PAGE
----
Apologetics, Biblical Doctrines, Christian Living, Church, Church history, Faith, God's Law

Spiritual Adoption: Welcome to the Family of God

AN EXPOSITION OF GALATIANS 4:1-7

There are five important doctrines to be looked for in Galatians 4.

Doctrine of the Divinity of Christ
Doctrine of the Humanity of Christ
Doctrine of Redemption
Doctrine of Adoption
Doctrine of the Indwelling Presence of the Holy Spirit.

     1 Now I say, That the heir, as long as he is a child, differeth nothing from a servant [slave], though he be Lord of all;

The Greek word for child (nepios), refers to one that does not speak. There was a time in American culture when it was common for a parent to say, “”Children should be seen, but not heard.” The point Paul will make is that a child, though he be the heir to a great estate, is positionally no better off than a servant or slave, until the circumstances of life change. Someone is telling the child what to do. The illustration comes from a lord of a vast estate.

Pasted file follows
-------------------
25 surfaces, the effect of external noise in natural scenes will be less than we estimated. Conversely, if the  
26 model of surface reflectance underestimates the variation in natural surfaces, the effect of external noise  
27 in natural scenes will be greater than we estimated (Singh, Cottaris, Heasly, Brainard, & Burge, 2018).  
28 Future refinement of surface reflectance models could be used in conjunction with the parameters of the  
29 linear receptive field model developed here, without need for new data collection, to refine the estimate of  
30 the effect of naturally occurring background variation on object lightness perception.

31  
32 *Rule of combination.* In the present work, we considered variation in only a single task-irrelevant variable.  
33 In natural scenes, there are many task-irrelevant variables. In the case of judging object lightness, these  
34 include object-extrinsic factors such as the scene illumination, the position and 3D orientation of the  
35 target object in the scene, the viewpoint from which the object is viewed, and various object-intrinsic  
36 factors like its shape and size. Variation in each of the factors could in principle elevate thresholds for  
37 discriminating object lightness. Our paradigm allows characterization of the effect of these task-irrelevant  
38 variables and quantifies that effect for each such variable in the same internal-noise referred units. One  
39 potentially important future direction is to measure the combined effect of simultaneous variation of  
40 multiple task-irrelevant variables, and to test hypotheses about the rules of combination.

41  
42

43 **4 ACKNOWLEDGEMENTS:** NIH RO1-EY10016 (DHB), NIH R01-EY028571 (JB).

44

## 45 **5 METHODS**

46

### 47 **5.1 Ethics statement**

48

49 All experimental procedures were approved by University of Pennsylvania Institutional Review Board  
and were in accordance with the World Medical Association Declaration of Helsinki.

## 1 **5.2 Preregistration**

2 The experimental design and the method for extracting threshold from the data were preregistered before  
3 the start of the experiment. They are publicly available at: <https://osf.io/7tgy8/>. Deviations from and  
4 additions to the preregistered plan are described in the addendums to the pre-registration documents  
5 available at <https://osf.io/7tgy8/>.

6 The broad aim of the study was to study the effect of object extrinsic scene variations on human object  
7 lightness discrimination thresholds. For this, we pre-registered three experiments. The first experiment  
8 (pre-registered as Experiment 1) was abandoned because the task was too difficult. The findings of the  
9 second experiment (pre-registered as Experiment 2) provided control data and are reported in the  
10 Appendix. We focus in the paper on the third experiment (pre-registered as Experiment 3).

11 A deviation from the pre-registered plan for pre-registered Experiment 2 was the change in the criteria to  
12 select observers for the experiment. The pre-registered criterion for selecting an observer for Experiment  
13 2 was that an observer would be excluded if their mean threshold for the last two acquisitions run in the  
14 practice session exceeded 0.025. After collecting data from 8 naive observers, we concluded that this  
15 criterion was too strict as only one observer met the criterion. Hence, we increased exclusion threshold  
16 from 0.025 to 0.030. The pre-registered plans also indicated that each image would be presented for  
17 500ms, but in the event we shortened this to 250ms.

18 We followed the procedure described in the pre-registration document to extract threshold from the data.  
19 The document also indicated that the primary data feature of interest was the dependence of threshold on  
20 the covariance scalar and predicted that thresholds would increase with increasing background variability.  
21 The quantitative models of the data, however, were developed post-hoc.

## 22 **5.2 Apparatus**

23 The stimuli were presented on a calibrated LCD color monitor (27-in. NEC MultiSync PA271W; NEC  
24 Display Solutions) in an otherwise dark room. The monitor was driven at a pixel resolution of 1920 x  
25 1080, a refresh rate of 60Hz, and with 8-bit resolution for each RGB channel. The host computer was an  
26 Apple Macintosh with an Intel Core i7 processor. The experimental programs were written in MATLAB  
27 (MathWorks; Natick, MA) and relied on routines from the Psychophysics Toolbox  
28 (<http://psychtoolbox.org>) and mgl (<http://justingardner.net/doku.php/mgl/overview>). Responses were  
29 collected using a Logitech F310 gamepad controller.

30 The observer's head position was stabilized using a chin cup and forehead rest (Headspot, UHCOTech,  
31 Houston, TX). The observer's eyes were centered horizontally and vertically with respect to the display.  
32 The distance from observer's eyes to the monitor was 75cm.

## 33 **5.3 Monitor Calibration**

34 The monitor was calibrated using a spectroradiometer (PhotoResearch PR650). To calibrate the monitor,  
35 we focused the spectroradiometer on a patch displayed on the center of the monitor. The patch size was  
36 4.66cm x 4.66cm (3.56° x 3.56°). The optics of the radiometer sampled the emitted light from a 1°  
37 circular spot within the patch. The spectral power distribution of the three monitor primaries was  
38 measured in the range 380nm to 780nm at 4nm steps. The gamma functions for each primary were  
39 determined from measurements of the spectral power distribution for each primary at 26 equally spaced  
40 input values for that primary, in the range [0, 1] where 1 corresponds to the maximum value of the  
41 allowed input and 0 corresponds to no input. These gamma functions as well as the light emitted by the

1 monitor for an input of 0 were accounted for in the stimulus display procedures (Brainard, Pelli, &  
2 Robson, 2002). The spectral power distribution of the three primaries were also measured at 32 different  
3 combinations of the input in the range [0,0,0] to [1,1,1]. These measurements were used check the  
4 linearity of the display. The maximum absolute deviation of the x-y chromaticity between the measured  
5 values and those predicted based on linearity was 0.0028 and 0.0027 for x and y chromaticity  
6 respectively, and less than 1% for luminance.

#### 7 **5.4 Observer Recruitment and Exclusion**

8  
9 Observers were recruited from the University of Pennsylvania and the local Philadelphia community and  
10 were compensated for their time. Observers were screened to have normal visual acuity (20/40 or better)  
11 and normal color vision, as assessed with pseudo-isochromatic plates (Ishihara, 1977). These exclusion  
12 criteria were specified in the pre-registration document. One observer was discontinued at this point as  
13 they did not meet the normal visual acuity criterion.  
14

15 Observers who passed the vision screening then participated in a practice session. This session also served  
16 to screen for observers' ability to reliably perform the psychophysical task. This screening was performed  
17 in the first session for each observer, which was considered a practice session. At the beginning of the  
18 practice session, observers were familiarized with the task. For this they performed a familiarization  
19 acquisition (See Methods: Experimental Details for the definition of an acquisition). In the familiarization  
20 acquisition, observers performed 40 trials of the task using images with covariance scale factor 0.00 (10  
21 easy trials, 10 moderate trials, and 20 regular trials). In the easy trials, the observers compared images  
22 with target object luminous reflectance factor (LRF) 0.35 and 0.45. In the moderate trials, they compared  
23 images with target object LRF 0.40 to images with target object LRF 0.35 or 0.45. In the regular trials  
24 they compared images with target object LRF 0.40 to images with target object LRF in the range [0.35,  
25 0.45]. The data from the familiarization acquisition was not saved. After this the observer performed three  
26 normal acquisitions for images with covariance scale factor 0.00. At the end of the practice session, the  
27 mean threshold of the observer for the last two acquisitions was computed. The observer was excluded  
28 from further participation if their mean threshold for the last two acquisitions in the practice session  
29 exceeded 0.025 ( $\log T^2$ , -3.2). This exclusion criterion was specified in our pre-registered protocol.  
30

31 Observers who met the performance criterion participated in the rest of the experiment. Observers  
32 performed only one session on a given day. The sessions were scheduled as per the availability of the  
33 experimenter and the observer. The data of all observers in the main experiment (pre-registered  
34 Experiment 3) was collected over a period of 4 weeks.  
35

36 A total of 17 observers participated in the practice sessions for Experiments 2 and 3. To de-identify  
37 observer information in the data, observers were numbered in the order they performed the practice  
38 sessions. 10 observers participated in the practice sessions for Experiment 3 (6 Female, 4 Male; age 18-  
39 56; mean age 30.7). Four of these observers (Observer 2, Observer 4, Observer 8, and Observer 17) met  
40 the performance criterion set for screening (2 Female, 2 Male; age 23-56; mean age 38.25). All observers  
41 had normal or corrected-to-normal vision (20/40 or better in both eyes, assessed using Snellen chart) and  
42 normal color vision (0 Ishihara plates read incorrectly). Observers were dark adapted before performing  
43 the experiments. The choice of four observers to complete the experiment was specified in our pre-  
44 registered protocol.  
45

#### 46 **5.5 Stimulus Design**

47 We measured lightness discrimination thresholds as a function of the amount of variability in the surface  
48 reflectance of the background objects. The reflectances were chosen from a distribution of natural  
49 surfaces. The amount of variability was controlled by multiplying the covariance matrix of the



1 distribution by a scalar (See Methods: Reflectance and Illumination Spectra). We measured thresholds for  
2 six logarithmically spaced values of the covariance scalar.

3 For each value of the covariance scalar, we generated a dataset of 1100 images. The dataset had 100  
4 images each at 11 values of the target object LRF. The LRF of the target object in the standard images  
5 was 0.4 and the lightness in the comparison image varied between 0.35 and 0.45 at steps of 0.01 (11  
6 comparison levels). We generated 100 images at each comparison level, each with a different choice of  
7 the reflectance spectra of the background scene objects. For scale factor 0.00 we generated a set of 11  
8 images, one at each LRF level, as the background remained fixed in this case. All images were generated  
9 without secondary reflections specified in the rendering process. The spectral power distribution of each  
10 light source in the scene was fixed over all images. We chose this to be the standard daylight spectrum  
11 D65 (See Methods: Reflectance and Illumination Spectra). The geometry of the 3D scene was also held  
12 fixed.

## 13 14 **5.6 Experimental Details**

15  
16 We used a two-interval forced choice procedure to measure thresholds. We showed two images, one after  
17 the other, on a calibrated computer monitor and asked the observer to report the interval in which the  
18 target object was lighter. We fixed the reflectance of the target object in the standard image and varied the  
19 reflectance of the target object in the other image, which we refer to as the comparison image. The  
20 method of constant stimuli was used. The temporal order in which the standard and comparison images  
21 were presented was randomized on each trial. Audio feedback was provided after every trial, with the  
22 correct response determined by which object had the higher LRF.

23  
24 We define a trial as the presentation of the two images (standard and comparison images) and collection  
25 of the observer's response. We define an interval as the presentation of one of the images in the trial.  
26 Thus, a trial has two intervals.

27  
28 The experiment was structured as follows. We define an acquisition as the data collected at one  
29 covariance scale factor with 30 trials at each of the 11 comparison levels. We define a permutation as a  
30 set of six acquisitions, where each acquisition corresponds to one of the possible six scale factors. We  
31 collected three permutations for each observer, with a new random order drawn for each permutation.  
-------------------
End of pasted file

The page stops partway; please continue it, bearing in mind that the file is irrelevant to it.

The larger point Paul was making to the Galatians, is that to be an heir of Abraham is to have extreme spiritual wealth, such as life, justification, an imputed righteousness, the gifts of the Holy Spirit, and His indwelling presence. However, these spiritual privileges are not given until an appointed time. The analogy continues.

     2 But is under tutors and governors until the time appointed of the father.

The child is under tutors (epi-tro-pous). This is a reference to a domestic manager, a guardian. The child is also under governors (oi-kon-om-ous). This is a reference to a keeper of one’s possessions, a treasurer. A good overseer would assign someone to guard what was most valuable. With that thought in mind, Paul makes his main observation.

     3 Even so we, when we were children, were in bondage under the elements of the world: